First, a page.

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3. Choose calls that will entice the dogs to respond

I am a big believer in electronic calls. But I am also a believer in using sounds the dogs are not used to hearing. It is fact that most predator callers use the rabbit in distress call to lure in coyotes, and without question, it is perhaps the most successful sound ever used. But it is also over used. Study your surroundings, learn what the coyotes are eating in your area and make those sounds. It may be a rabbit sound, but it also may be a distressed chicken, or baby goat. It may be voles and mice. Whichever it is, make sure you give it a fair chance before switching sounds. Puppy sounds are also good during the spring as are fawn in distress due to the tendency of deer to be fawning now. While we are discussing calls, be careful with your volume. It is a fine line between too loud and too soft. Remember the canines can hear a lot better than we can and they can pick up your call at hundreds of yards. If using high volume do so sparingly. Once you have his attention, dial back the volume to make it seem that the critter is either further away, or is suffering.

4. Use shooting sticks

It is difficult to get a good shot at a coyote at one hundred yards, now compound that across a fresh bean field and you are shooting at 300+ yards. The use of a good pair of shooting sticks such as the Bog Pod or Caldwell shooting rest can be a life saver. Even a bipod mounted on your gun can greatly increase your accuracy. The stability these provide are excellent and will help to make quick and clean shots. They are lightweight and very portable and once you get used to using them, you will never go back to anything else.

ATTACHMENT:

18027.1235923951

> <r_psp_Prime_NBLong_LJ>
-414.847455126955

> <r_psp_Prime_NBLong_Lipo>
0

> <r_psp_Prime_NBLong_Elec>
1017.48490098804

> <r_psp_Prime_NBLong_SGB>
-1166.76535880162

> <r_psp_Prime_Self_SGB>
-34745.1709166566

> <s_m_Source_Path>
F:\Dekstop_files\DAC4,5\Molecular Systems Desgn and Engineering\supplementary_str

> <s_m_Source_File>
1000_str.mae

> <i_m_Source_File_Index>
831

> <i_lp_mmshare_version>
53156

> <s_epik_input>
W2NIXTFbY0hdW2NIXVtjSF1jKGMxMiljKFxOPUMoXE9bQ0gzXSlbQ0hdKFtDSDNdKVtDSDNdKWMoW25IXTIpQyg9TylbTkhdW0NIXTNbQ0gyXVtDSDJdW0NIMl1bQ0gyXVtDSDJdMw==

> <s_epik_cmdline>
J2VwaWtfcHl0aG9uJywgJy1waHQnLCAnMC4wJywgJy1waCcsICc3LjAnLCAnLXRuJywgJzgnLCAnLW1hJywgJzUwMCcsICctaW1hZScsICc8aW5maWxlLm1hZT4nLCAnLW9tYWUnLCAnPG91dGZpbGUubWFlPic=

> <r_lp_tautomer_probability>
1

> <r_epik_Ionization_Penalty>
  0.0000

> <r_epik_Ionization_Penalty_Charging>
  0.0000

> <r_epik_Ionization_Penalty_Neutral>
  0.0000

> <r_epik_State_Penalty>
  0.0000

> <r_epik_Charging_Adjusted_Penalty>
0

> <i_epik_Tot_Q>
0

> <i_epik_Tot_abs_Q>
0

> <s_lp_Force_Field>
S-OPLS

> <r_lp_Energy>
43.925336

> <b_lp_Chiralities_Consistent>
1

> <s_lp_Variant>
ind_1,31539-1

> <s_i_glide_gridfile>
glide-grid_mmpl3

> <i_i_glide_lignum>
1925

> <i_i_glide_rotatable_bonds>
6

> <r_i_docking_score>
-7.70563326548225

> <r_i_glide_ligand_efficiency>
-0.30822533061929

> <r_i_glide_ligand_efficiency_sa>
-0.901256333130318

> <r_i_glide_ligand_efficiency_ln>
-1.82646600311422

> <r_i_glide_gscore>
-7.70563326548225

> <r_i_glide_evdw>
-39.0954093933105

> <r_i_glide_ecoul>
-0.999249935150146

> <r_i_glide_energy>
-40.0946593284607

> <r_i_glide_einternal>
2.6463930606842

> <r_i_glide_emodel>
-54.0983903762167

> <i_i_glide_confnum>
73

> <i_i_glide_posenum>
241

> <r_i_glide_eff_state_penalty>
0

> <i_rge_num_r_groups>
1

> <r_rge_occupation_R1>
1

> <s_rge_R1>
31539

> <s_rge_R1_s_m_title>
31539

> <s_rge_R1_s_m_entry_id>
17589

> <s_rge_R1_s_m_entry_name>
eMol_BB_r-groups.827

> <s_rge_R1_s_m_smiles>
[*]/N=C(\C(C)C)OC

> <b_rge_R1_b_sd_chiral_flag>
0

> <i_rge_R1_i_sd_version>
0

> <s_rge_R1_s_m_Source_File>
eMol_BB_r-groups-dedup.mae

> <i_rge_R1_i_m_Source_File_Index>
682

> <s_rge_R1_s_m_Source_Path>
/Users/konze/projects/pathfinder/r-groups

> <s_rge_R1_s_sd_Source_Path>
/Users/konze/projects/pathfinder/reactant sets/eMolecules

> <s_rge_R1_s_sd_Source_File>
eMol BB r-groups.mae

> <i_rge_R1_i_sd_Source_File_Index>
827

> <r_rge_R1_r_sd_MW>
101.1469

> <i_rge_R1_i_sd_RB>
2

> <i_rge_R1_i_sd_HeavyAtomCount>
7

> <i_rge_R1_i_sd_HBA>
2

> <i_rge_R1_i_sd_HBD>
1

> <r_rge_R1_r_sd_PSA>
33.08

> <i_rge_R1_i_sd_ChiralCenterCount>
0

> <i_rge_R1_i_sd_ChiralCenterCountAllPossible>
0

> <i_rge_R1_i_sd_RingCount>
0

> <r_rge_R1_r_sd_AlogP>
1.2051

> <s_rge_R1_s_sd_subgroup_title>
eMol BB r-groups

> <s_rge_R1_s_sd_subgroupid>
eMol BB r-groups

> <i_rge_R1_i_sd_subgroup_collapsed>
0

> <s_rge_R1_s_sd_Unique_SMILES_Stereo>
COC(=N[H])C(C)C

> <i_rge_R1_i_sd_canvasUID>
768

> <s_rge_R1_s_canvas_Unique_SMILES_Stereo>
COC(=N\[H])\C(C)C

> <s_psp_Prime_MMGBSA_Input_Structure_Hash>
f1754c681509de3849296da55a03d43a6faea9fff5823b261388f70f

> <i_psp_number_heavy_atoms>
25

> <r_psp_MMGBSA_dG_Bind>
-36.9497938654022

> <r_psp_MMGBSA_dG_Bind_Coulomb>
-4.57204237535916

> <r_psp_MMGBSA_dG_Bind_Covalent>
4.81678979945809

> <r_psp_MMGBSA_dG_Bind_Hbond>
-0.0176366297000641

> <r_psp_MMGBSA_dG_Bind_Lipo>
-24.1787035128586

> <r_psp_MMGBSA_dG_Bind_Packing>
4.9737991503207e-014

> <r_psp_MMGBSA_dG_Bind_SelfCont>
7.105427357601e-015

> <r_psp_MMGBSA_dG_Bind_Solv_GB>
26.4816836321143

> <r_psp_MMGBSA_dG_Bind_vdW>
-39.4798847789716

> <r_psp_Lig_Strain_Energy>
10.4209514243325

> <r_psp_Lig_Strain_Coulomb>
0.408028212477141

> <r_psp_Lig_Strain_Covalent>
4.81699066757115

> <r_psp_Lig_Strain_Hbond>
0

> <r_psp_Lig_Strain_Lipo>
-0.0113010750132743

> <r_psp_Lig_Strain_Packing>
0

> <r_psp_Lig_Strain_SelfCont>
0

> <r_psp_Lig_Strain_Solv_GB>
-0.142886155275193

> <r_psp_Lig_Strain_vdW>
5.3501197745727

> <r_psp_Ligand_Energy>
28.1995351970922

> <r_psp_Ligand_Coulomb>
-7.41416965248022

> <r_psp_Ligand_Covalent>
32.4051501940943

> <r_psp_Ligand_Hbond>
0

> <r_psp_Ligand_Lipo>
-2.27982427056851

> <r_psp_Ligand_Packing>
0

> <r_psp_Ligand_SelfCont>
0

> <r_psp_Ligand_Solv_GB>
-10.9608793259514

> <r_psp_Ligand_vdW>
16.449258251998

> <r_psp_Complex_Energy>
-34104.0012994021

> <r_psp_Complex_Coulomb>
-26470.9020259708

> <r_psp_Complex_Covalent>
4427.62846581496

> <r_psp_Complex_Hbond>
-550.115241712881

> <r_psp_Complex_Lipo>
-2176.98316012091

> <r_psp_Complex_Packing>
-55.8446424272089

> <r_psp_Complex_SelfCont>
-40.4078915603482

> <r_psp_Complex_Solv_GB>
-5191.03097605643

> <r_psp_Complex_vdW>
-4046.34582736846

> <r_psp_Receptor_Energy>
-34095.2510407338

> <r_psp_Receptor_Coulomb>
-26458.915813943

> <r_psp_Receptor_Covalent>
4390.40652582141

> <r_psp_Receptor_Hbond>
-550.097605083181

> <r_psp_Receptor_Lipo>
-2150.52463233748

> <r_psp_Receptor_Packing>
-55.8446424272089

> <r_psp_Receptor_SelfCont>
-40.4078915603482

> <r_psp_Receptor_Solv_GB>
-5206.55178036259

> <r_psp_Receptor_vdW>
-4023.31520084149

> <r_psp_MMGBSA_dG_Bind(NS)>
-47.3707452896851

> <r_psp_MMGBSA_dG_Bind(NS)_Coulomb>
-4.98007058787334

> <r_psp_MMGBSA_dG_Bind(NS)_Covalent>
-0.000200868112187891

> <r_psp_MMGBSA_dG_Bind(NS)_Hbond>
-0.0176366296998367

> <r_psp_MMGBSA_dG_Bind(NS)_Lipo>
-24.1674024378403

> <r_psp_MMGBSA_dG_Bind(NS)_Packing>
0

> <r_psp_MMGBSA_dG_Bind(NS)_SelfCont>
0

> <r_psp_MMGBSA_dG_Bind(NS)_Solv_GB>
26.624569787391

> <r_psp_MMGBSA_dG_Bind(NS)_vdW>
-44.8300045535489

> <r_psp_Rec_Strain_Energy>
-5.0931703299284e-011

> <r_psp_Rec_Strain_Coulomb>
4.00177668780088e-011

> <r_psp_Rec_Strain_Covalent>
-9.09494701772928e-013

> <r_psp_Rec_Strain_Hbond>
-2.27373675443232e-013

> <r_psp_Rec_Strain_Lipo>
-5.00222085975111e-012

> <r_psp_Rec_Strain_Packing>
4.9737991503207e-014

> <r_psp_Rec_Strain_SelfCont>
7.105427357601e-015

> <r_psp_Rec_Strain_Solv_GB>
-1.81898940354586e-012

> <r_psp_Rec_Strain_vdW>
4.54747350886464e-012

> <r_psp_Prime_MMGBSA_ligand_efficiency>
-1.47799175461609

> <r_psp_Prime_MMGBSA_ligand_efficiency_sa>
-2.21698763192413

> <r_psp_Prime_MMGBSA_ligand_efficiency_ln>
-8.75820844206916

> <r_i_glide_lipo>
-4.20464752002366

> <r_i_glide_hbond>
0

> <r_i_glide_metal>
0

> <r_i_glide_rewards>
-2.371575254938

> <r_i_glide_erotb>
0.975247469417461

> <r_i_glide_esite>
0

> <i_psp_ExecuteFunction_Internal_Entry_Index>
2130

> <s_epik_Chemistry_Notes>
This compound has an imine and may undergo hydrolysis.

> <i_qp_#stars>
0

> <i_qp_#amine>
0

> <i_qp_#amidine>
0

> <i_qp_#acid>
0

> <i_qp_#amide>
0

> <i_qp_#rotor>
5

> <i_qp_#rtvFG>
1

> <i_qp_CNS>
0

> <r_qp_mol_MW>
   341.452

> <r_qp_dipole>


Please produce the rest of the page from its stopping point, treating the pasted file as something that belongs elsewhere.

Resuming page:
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5. Be patient

I have seen so many new predator hunters pull into a location, get setup and blast out some calls for ten minutes and then pack up and head out when nothing jumps in their lap in the first ten minutes. Spring songdogs demand patience. Subtleness and patience will win the day. A typical stand will last a minimum of forty five minutes. From setting up, letting things quiet down, calling, pausing, calling, pausing, calling, long pause, calling, long pause, calling, and longer pause. All totaled it can easily last forty five minutes. Even then, I often wait to see if anything is sneaking in for a closer inspection.

Calling and killing spring songdogs is a lot of fun and exciting. It can be days filled with action while adding a great service to your deer herd. By removing the dogs during the fawning season and during their denning season, you up the ante that your efforts will have a greater impact on the overall population of predators.